There is a cultural aspect to Gibson’s theory that is little researched or expressed, but could be partly explained by narrative research. Let’s go back to that ‘climbable tree’ example. Engel (1995) suggests that children often tell stories as a means of constructing identity; that is, expressing through language the physical relationship they have with others and the material world. Goodson (2013) takes this notion further and suggests that ‘life stories,’ are not single narratives we hold within ourselves, or use to express ourselves, but rather they are part of a nexus of stories, or cluster of narratives that help shape the public world and our social place within it. Likewise, Frank (2010) expresses this rather poetically when he says we should let ‘stories breathe,’ meaning that stories can separate themselves from the teller and act on the world independently, shaping social and cultural identities. In the world of children’s play and outdoor physical activity and adventure education, there are nested and layered narratives that influence the way we approach action within natural habitats; stories that have a life of their own, yet continuously pervert our relationship with each other and with the material world. Fear of climbing trees, or being allowed to climb trees because of various health and safety rhetoric, is a case in point (Gill, 2007). As are the meta-narratives that shape the way we perceive environmentalism, conservation and sustainability (Corbett, 2006). Narrative Journey praxis does more than simply orientate children towards ‘climbable’ trees, towards the playability and materiality of the landscape, or what Factor (2004) calls, ‘invisible play-lines.’ It spins empathetic narratives, like saying: “that’s a sickly tree,” so that children recognise nature’s vulnerability and take into consideration how their actions will impact on natural habitats and ecosystems.
There is much more to research and practice within the field of narrative, story and environmental connectedness, but for the time being Narrative Journey can at least support teachers who want to engage children’s interest in being physically active within natural environments, and thus support their broader health and well-being and connectedness to nature.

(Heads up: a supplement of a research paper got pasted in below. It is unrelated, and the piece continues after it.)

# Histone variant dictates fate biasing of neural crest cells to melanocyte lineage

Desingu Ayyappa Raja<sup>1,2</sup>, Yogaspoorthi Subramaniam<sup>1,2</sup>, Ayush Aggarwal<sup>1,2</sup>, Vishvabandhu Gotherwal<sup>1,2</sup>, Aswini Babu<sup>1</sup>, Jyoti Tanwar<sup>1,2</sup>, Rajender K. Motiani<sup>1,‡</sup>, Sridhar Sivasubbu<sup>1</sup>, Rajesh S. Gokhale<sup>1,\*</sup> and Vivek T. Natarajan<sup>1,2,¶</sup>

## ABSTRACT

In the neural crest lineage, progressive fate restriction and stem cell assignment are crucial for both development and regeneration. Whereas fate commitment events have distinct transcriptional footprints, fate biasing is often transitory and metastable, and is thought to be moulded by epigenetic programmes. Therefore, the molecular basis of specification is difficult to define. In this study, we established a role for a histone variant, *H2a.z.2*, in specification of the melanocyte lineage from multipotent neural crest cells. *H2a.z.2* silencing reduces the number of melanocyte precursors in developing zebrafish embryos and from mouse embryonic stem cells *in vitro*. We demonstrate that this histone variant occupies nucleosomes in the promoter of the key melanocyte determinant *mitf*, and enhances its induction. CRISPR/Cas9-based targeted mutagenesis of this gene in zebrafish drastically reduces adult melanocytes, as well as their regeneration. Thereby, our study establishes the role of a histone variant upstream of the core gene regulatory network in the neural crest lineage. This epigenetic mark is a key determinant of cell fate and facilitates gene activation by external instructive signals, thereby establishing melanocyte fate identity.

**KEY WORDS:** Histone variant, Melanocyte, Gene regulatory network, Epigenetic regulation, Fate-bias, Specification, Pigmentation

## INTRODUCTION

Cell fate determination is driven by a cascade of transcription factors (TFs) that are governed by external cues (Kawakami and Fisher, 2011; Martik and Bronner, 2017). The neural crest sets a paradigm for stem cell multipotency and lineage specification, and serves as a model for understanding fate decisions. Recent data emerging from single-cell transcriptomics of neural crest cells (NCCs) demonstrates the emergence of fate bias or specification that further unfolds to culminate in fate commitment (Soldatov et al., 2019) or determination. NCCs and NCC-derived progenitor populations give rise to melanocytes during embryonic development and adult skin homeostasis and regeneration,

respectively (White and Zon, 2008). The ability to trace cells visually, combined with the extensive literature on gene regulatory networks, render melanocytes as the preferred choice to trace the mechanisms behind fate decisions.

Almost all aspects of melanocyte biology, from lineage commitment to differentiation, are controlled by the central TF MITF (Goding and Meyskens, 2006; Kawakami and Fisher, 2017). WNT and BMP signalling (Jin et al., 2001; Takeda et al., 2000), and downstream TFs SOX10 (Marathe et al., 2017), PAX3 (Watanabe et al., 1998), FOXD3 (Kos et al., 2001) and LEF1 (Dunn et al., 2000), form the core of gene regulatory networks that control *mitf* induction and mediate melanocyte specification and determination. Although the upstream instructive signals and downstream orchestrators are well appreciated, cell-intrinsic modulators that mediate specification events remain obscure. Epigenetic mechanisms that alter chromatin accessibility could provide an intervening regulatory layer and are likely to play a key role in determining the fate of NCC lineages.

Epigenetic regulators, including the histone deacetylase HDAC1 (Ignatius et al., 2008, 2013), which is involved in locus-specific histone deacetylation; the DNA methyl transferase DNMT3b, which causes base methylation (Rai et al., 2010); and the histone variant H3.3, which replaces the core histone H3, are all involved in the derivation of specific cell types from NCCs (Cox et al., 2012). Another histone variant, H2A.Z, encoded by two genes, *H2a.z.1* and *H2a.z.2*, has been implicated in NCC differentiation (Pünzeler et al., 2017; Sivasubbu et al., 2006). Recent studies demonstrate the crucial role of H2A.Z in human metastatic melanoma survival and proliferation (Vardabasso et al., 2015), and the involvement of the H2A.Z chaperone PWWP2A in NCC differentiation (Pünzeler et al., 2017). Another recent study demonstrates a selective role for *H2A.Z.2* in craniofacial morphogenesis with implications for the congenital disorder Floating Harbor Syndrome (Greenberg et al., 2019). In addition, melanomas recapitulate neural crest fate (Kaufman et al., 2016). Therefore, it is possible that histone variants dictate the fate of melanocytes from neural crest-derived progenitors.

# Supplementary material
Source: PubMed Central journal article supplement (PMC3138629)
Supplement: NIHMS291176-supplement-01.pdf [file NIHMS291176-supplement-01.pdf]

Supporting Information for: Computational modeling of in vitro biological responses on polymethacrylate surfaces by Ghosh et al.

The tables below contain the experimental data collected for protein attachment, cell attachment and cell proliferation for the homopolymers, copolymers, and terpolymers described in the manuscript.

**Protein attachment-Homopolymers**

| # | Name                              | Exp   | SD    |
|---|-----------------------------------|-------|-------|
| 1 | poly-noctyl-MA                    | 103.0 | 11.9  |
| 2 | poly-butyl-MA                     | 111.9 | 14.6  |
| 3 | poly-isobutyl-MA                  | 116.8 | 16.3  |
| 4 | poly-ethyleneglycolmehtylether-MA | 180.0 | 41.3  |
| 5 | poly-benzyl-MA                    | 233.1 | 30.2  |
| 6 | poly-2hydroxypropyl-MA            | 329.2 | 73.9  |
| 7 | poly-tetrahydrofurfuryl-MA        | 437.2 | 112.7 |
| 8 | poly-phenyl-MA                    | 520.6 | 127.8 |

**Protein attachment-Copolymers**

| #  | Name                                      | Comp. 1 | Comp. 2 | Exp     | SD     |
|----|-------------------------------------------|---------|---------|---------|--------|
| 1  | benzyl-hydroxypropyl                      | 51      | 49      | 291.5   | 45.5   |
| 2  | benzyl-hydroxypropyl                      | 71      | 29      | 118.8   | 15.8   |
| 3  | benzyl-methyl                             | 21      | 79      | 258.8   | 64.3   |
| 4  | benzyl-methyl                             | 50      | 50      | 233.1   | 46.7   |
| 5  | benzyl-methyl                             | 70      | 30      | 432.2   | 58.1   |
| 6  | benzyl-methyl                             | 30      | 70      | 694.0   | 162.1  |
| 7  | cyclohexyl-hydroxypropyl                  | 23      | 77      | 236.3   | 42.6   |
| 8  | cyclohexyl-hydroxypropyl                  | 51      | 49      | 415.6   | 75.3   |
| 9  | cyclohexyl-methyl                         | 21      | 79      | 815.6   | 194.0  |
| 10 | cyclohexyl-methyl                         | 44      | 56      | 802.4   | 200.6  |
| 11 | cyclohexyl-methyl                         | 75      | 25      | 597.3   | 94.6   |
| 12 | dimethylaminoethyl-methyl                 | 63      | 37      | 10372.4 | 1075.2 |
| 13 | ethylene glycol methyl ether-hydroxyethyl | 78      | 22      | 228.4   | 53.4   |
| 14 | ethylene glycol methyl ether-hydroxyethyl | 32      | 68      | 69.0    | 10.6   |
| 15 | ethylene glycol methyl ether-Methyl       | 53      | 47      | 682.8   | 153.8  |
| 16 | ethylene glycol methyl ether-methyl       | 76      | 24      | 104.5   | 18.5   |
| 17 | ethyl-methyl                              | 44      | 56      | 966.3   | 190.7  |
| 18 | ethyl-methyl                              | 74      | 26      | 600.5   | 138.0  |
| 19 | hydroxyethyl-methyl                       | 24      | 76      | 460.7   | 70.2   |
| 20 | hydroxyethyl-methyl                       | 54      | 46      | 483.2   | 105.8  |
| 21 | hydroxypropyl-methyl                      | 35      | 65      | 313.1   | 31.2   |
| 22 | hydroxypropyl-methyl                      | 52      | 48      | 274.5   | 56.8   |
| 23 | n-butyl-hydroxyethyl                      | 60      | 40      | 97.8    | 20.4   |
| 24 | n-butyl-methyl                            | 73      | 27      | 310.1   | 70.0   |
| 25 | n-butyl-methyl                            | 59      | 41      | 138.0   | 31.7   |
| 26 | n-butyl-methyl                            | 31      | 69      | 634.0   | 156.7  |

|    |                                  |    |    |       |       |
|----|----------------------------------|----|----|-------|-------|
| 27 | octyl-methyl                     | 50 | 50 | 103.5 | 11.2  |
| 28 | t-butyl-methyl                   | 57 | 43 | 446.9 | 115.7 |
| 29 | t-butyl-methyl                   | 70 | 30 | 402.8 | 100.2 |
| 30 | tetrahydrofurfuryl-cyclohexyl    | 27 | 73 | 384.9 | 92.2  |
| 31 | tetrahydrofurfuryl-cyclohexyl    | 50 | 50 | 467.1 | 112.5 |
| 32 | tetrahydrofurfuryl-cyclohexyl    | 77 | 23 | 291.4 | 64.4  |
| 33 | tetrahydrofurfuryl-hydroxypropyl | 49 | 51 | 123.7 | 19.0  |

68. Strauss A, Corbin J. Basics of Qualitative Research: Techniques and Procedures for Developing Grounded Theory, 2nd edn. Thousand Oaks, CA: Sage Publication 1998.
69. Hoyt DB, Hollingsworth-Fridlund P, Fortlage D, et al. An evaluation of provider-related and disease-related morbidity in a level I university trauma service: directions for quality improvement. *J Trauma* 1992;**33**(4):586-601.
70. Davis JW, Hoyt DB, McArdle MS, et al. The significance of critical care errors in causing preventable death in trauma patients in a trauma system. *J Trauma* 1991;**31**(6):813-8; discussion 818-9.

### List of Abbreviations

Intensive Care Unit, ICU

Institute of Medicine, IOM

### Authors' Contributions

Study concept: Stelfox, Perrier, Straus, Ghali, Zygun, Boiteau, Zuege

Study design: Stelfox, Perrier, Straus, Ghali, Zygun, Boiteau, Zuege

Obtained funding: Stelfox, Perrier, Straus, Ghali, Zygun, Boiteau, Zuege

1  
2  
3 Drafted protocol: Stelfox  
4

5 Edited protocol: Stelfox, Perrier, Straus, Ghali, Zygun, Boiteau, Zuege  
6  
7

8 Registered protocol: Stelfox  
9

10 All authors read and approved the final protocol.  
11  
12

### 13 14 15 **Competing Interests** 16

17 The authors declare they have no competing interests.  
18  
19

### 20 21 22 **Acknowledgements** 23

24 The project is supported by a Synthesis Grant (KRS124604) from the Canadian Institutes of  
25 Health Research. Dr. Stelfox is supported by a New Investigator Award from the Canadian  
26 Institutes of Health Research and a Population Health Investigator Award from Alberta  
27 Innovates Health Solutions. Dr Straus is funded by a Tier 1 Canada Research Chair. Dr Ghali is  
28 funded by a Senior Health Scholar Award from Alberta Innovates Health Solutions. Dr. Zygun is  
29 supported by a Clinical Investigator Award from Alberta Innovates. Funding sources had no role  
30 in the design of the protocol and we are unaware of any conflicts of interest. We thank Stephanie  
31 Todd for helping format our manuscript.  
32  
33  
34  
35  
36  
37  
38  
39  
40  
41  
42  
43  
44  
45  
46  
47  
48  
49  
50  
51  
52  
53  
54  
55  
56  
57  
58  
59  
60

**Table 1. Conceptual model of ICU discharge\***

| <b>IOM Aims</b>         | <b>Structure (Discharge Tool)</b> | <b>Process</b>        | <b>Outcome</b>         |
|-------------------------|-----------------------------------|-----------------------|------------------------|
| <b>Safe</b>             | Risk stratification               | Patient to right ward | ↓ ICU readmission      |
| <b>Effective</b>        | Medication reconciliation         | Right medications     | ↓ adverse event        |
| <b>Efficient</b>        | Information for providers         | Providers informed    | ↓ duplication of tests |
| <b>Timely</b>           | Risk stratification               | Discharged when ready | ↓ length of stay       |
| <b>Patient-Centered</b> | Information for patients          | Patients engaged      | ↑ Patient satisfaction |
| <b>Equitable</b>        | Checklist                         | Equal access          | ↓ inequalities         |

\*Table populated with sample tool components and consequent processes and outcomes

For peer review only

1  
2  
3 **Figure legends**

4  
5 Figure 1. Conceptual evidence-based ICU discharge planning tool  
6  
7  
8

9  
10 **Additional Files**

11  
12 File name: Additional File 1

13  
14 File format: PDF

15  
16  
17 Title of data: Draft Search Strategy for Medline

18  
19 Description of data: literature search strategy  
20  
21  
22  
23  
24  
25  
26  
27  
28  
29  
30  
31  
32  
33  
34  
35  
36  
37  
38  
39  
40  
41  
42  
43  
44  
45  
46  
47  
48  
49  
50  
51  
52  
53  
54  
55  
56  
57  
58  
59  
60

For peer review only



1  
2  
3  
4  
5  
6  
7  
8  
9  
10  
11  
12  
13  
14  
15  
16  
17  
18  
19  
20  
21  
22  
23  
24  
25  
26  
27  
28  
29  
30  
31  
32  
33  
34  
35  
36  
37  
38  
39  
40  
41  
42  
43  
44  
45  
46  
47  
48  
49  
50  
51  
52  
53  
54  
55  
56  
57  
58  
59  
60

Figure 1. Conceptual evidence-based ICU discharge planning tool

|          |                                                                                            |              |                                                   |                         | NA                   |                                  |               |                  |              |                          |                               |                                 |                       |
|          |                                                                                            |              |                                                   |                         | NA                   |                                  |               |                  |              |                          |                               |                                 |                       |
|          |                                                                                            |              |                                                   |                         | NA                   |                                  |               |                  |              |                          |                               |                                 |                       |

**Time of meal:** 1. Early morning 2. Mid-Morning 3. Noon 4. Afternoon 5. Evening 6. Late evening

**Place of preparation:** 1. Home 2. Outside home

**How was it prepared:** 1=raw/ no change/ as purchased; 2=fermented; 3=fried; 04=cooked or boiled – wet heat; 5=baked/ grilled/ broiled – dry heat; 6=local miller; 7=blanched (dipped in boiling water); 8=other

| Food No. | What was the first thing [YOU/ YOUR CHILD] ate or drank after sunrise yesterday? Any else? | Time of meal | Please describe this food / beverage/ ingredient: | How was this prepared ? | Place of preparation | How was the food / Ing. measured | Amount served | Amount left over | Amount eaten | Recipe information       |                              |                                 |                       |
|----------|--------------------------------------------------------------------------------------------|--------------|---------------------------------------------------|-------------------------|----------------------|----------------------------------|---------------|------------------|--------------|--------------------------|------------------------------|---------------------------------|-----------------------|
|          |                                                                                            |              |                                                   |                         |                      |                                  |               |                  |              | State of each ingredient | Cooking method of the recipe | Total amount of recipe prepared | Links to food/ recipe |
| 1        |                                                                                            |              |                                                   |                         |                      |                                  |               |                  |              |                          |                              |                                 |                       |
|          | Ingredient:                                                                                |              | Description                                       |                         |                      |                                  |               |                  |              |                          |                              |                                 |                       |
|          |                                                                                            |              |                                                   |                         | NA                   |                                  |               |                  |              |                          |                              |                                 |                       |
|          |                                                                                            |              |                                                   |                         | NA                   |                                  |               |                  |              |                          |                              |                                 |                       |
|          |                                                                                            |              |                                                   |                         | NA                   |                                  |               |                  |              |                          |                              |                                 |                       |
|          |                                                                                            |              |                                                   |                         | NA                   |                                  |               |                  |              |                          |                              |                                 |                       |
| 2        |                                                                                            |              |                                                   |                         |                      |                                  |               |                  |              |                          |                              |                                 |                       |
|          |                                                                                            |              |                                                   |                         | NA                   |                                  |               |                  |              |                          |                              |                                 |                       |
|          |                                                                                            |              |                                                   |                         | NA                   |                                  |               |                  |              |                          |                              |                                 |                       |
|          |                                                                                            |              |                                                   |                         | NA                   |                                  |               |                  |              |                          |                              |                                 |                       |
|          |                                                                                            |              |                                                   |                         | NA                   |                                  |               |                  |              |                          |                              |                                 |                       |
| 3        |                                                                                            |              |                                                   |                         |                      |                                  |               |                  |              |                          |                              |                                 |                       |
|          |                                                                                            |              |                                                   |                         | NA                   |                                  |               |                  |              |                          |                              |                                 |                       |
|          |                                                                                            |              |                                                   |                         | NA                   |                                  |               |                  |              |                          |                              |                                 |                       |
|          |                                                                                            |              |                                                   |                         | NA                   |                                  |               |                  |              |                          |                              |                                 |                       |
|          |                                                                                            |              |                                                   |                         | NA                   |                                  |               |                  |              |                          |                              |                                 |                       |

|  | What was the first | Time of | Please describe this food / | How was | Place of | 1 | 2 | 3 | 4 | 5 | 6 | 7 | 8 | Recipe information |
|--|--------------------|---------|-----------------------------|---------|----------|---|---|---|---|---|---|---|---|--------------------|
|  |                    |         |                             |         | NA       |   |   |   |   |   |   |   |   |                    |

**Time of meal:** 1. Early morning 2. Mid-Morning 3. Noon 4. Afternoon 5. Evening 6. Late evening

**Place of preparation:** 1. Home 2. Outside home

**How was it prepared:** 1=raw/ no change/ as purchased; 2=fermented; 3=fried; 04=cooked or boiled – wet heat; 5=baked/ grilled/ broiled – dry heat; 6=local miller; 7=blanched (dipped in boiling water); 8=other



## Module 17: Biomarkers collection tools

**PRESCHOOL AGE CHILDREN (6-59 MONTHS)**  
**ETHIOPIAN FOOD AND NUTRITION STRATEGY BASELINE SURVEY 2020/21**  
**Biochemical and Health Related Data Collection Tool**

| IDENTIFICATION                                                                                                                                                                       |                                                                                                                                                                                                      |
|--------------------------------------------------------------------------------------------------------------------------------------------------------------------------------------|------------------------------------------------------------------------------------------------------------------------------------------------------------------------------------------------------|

Now where’s that golden cow?
Bedny, M., & Caramazza, A. (2011) Perception, action, and word meanings in the human brain: the case from action words. Annals of the New York Academy of Sciences, 1224, 14.
Corbett, J. B. (2006) Communicating Nature: How We Create and Understand Environmental Messages. Wahington: Island Press.
Engel, S. (1995) The Stories Children Tell: Making Sense of the Narratives of Childhood. New York: W.H. Freeman and Company.
Factor, J. (2004) Tree Stumps, manhole Covers and Rubbish Tina: The invisible play-lines of a primary school playground. Childhood, 11(2), 12.
Frank, A. W. (2010) Letting Stories Breathe: a socio-narratology. Chicago: University of Chicago Press.
Gill, T. (2007). No Fear: Growing up in a risk averse society. London: Calouste Gulbenkian Foundation.
Goodson, I. F. (2013) Developing Narrative Theory: Life histories and personal representation. London: Routledge.
Hughes, B. (2002) A Playworker’s Taxonomy of Play Types (2nd ed.). London: PlayLink.
Hughes, B. (2006) Play Types: Speculations and Possibilities. London: London centre for Playwork Education and Training.
Kernan, M. (2010) Outdoor Affordances in early Childhood Education and Care Settings: Adults’ and Children’s Perspectives. Children, Youth and Environments, 20(1), 26.
Kyttä, M. (2004) The extent of children’s independent mobility and the number of actualised affordances as criteria for child-friendly environments. Journal of Environmental Psychology, 24, 19.
Kyttä, M. (2008) Children in Outdoor Contexts: Affordances and Independent Mobility in the Assessment of Environmental Child Friendliness. Saarbrücken: VDM Verlag Dr. Müller.
Lauro, L. J. R., Mattavelli, G., Papagno, C., & Tettamanti, M. (2013) She runs, the road runs, my mind runs, bad blood runs between us: Literal and figurative motion verbs: An fMRI Study. NeuroImage, 83, 10.
Waters, P. (2011) Trees Talk: Are You Listening? Nature, Narrative and Children’s Anthropocentric Place-Based Play. Children, Youth and Environments, 21(1), 10.
Waters, P. (2014) Into the Woods: Stories and Nature in Playwork Training. Children, Youth and Environments, 24(3), 14.
Waters, P. (2014) Narrative Journey: storying landscapes for children’s adventurous outdoor play and experiential learning. Horizons, 67, 4.
Waters, P. (2014) Tracking Trolls and Chasing Pixies: Stories, Creativity and Children’s Outdoor Experiential Learning. Departures in Critical Qualitative Research, 3(3), 24.